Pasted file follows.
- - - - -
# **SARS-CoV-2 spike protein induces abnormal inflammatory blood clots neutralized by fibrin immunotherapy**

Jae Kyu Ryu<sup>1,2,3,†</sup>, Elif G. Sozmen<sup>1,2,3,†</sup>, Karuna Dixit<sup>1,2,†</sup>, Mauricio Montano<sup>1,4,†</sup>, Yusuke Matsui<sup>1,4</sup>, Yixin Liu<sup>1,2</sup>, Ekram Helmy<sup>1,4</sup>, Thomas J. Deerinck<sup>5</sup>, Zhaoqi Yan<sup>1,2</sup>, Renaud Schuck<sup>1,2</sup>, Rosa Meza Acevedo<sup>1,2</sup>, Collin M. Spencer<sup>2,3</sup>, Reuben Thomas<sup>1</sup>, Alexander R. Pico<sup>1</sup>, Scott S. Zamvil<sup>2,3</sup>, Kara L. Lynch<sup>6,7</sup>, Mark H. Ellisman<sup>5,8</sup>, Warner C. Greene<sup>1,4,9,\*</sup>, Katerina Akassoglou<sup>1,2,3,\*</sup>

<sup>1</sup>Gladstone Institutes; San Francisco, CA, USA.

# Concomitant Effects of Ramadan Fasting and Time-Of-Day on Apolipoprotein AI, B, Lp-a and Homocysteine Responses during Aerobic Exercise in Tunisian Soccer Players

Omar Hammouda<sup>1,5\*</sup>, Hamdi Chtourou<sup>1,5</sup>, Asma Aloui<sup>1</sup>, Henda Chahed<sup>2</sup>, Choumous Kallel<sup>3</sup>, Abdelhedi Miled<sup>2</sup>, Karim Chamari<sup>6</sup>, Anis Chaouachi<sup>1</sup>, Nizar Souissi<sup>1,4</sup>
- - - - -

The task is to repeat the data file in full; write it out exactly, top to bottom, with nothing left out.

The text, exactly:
# **SARS-CoV-2 spike protein induces abnormal inflammatory blood clots neutralized by fibrin immunotherapy**

Jae Kyu Ryu<sup>1,2,3,†</sup>, Elif G. Sozmen<sup>1,2,3,†</sup>, Karuna Dixit<sup>1,2,†</sup>, Mauricio Montano<sup>1,4,†</sup>, Yusuke Matsui<sup>1,4</sup>, Yixin Liu<sup>1,2</sup>, Ekram Helmy<sup>1,4</sup>, Thomas J. Deerinck<sup>5</sup>, Zhaoqi Yan<sup>1,2</sup>, Renaud Schuck<sup>1,2</sup>, Rosa Meza Acevedo<sup>1,2</sup>, Collin M. Spencer<sup>2,3</sup>, Reuben Thomas<sup>1</sup>, Alexander R. Pico<sup>1</sup>, Scott S. Zamvil<sup>2,3</sup>, Kara L. Lynch<sup>6,7</sup>, Mark H. Ellisman<sup>5,8</sup>, Warner C. Greene<sup>1,4,9,\*</sup>, Katerina Akassoglou<sup>1,2,3,\*</sup>

<sup>1</sup>Gladstone Institutes; San Francisco, CA, USA.

# Concomitant Effects of Ramadan Fasting and Time-Of-Day on Apolipoprotein AI, B, Lp-a and Homocysteine Responses during Aerobic Exercise in Tunisian Soccer Players

Omar Hammouda<sup>1,5\*</sup>, Hamdi Chtourou<sup>1,5</sup>, Asma Aloui<sup>1</sup>, Henda Chahed<sup>2</sup>, Choumous Kallel<sup>3</sup>, Abdelhedi Miled<sup>2</sup>, Karim Chamari<sup>6</sup>, Anis Chaouachi<sup>1</sup>, Nizar Souissi<sup>1,4</sup>